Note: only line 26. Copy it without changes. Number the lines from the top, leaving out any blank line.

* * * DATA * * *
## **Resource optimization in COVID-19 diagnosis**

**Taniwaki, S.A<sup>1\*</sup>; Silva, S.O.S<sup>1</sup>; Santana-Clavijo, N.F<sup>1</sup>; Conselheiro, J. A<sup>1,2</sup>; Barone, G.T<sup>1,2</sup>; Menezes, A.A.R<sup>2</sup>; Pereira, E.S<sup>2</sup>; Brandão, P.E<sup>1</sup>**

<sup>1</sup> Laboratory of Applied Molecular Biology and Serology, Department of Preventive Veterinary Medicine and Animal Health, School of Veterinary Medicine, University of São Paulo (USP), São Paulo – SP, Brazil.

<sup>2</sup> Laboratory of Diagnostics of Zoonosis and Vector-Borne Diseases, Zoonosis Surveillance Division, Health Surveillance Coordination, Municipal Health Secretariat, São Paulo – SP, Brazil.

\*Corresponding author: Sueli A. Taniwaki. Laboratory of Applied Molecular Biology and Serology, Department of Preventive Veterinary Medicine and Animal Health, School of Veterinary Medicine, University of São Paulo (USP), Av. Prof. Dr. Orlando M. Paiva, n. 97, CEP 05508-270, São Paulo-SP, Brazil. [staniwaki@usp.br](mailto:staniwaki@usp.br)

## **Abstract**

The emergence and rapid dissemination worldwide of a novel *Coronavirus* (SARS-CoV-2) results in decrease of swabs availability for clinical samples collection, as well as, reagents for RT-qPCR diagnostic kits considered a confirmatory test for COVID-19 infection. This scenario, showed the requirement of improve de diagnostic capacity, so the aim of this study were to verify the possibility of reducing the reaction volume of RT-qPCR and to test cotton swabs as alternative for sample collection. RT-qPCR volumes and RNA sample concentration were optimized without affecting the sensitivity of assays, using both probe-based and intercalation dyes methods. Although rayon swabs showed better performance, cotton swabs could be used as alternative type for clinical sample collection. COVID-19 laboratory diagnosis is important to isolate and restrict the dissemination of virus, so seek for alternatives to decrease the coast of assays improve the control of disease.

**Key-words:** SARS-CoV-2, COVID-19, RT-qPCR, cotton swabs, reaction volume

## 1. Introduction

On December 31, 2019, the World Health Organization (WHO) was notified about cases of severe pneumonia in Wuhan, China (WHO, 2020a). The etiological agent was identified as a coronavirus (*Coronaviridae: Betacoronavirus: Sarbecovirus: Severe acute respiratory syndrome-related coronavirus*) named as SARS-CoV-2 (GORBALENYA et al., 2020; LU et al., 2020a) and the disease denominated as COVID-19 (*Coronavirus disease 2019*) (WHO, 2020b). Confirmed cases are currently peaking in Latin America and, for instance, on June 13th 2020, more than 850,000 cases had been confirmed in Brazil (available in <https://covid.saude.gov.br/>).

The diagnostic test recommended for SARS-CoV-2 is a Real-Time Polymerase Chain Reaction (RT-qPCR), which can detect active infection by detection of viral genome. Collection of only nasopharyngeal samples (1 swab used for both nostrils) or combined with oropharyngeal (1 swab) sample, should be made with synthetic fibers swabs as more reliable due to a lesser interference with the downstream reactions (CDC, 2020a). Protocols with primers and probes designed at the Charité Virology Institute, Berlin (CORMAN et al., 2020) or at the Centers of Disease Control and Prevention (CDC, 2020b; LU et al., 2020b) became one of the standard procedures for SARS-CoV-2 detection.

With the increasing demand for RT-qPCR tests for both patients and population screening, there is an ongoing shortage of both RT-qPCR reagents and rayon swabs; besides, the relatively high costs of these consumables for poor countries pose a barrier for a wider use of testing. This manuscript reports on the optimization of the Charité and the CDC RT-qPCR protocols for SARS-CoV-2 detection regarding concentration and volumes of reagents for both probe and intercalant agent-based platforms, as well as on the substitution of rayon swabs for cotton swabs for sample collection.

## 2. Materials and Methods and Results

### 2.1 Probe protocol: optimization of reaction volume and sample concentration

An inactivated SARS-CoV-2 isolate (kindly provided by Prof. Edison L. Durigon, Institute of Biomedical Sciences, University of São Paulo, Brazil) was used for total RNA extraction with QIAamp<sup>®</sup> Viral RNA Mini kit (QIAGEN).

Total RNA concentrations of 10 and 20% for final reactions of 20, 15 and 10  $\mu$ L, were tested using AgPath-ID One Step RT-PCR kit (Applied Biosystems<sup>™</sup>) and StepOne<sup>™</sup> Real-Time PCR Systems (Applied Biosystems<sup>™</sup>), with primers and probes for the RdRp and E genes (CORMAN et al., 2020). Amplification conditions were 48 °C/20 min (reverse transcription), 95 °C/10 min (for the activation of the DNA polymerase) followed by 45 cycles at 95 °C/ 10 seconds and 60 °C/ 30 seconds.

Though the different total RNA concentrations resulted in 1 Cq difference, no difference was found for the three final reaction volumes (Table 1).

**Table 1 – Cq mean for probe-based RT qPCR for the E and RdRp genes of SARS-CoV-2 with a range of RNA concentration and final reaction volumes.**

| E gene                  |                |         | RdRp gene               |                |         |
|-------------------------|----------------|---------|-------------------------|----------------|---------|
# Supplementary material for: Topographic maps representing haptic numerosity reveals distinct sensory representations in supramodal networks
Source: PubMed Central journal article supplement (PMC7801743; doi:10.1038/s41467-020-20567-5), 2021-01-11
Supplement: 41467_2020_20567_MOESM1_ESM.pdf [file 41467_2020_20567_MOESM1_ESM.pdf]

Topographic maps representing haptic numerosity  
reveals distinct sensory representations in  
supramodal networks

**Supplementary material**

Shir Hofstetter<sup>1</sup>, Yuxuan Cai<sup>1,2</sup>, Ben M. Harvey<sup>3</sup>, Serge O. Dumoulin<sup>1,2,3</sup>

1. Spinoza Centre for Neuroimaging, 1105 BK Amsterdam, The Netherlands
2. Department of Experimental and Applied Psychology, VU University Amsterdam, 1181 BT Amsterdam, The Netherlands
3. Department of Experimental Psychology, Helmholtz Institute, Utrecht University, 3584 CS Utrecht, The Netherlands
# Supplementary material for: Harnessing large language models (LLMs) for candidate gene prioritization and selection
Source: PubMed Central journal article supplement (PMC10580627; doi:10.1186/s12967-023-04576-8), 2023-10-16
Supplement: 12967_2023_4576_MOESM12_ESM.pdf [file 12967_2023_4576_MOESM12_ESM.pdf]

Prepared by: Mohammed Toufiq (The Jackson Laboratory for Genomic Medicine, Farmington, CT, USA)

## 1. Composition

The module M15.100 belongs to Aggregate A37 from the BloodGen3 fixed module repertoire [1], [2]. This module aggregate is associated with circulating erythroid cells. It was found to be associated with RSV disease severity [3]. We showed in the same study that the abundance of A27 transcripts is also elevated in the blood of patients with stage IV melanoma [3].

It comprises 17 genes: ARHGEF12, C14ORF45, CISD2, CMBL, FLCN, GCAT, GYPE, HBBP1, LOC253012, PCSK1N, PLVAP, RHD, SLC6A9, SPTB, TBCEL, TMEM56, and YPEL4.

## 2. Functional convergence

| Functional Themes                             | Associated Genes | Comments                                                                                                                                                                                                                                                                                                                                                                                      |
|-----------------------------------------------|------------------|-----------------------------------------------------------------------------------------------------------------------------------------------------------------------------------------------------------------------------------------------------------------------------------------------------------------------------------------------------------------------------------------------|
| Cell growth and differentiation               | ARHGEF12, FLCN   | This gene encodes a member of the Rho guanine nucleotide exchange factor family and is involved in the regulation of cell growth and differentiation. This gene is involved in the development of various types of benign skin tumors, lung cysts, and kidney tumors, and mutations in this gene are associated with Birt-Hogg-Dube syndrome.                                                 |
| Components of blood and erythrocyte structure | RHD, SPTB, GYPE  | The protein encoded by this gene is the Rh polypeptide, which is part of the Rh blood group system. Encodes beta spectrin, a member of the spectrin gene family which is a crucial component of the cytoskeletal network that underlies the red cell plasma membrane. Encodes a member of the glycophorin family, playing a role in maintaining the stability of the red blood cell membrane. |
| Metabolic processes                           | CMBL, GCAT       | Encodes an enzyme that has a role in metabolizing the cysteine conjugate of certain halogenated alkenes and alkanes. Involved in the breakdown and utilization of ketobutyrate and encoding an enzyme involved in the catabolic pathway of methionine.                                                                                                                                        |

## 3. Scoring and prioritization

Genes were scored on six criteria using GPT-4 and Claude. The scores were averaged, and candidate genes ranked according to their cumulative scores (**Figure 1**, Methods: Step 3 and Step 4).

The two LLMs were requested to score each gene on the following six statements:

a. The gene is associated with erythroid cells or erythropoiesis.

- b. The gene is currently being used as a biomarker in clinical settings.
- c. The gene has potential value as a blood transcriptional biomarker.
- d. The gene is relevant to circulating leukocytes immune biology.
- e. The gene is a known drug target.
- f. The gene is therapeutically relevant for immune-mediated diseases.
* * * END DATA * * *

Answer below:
supramodal networks